Medics and Finance Personnel Repairing Runways? The Air Force Tests It Out

Seeking to make life harder for a potential adversary like China, the Air Force wants more airfields in more locations, giving the service more freedom to operate in combat.

But runways serve little purpose if they are damaged beyond use. The Air Force recently conducted a “beta test” to figure out if Airmen without previous specialized training could repair them quickly.

“The concept of a cross-section of Airmen carrying out important wartime tasks seems like a good idea, but does it work?” the Air Force Installation and Training Support Center wrote in a press release.

So the service sought to find out, sending 25 Airmen from Mountain Home Air Force Base, Idaho, to a training site at Dobbins Air Reserve Base, Ga. to participate in an exercise May 22-24.

The Air Force has introduced the concepts of Agile Combat Employment, operating more flexibly with a smaller fixed footprint, and Multi-Capable Airmen, asking service members to perform more tasks to support those operations. The service plans to invest billions in building out infrastructure at more bases and building aircraft shelters in the Indo-Pacific, many within the likely range of Chinese missiles. It will need to ensure those facilities can recover and get back up and running as needed.

“In a deployed location, we might not be able to rely solely on civil engineers,” Master Sgt. Broc French, a training program manager with Air Force Civil Engineer Center, said in the release.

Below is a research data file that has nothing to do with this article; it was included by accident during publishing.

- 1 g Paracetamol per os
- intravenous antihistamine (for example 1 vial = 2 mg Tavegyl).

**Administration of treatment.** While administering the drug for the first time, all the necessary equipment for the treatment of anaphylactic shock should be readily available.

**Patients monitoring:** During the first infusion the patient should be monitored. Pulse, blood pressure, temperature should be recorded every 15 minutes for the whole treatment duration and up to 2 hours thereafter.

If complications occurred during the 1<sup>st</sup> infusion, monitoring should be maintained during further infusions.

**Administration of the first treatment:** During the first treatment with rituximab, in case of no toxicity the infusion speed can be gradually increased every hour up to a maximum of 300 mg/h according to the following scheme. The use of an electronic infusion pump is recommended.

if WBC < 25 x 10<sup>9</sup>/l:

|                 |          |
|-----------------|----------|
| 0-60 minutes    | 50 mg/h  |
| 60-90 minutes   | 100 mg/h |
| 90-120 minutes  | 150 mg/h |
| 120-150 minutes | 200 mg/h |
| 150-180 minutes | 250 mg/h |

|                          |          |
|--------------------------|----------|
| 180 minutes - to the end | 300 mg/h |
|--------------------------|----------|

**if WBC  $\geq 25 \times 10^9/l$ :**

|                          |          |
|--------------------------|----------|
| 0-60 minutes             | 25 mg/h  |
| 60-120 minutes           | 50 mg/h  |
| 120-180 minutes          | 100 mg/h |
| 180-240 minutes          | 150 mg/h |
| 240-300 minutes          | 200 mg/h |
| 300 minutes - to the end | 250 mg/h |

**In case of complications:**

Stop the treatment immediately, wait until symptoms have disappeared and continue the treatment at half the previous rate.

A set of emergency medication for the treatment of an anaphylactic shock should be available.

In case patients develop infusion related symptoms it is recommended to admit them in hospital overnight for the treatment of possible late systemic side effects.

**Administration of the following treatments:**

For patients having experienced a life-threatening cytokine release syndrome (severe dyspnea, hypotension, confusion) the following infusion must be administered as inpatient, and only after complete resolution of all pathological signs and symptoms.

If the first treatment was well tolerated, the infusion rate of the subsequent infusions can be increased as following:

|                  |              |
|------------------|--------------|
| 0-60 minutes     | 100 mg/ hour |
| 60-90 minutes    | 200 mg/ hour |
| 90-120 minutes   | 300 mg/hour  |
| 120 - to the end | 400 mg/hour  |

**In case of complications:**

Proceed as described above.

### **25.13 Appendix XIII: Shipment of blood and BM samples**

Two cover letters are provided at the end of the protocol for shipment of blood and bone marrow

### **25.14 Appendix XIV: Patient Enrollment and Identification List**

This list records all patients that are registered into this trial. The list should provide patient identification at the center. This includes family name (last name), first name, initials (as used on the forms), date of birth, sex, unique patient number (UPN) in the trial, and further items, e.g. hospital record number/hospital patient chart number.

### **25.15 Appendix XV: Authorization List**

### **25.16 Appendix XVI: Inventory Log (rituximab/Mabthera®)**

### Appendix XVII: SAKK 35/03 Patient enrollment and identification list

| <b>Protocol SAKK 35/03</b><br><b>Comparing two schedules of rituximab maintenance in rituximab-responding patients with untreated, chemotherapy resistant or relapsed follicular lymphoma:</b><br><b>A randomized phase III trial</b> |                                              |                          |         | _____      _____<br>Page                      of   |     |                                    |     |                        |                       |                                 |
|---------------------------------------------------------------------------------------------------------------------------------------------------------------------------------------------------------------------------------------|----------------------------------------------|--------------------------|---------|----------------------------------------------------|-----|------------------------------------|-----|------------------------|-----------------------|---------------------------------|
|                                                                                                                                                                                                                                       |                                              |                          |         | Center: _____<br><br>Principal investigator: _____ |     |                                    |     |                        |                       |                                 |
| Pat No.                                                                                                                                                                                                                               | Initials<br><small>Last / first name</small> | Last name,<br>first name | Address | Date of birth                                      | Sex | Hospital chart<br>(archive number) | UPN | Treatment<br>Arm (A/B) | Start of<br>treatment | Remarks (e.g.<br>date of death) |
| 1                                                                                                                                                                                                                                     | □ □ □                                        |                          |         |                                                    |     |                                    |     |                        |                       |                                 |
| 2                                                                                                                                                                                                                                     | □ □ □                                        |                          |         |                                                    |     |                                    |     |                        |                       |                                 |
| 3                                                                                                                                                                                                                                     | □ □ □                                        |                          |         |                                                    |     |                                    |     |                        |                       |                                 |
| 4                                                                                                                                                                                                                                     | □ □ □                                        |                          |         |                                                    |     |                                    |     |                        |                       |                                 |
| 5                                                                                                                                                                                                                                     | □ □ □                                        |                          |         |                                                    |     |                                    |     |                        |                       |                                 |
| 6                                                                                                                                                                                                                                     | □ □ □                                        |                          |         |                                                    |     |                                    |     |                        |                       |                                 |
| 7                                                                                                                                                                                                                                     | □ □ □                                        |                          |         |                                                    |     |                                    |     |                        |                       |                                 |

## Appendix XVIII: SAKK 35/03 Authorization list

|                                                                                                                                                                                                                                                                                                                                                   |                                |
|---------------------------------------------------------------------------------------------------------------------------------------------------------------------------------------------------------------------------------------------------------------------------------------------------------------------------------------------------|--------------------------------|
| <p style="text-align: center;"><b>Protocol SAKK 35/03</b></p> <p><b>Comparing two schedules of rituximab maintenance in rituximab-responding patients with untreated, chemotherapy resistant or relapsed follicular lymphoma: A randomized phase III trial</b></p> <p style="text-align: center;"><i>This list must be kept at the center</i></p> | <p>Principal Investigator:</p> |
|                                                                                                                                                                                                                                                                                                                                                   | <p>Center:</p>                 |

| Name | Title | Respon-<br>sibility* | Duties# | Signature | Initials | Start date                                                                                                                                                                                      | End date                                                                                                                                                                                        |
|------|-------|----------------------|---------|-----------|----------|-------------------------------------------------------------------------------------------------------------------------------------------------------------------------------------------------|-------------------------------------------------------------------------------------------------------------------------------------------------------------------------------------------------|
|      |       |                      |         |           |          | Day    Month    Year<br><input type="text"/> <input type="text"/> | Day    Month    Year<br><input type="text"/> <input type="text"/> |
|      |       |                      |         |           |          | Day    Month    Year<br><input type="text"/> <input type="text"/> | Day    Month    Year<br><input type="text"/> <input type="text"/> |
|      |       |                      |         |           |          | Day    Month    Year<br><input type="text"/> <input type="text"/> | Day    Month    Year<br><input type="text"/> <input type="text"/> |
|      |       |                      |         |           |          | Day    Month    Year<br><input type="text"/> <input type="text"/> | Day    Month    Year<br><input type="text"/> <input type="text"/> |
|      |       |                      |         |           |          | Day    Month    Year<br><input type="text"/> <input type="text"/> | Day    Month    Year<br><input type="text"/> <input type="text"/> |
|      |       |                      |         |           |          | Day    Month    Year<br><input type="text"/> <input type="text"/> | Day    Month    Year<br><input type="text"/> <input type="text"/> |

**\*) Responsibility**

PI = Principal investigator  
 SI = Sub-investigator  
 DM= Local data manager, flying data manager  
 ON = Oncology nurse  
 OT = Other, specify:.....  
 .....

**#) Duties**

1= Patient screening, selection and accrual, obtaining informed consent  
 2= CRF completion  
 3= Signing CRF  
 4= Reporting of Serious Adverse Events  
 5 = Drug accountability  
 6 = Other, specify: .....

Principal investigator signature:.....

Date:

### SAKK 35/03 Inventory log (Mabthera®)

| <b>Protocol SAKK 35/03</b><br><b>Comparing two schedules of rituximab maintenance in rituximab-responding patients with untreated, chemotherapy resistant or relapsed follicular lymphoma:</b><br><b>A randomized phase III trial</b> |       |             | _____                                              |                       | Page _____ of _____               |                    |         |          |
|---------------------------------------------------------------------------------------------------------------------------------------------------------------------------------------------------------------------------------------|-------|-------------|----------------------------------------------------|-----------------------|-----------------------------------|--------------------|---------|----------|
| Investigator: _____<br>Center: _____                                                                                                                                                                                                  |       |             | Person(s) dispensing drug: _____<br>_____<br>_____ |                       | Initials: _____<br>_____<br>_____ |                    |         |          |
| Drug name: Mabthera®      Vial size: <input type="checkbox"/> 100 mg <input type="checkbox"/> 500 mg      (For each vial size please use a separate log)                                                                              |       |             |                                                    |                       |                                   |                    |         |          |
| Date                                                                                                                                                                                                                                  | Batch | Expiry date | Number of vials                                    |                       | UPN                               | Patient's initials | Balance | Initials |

Five of the Mountain Home Airmen from the 366th Civil Engineer Squadron attended a preparation course last year. Once at Dobbins, they walked the other members of their team through the basics of rapid runway repair for two days, according to the service.

In the end, the civil engineers, along with finance, maintenance, munitions, medical, and operations support Airmen had to complete six concrete crater repairs and other runway damage operations within four hours.

“I was super nervous to come in here and start cutting concrete after two days,” said Senior Airman Kayla Panzarella, a medic at Mountain Home.

“I can’t explain the feeling of doing this wartime task, this mission,” she added. “I remember looking out from inside [of the heavy equipment] and having the feeling of, ‘Wow, we’re doing this.'”

And according to the Air Force, they did it well.

“After two days, they’ve been able to fill craters and, if it were a real-world scenario, be able to get aircraft off the ground quickly,” French said in the release. “This is a great concept that works, and we’re looking to expand it in the future.”

If the Multi-Capable Airmen concept is to succeed, more service members who are traditionally far away from the flight line will have to get their hands dirty.

“If you could take different career fields like security forces, medical, and finance like we had out here, you could put people together” in groups that can conduct complex procedures like runway repair, Master Sgt. Patrick Murphy, the instructor lead for the exercise said. “With that, you could take care of everything with a small force, as long as you had the right attitude like we had with folks this week.”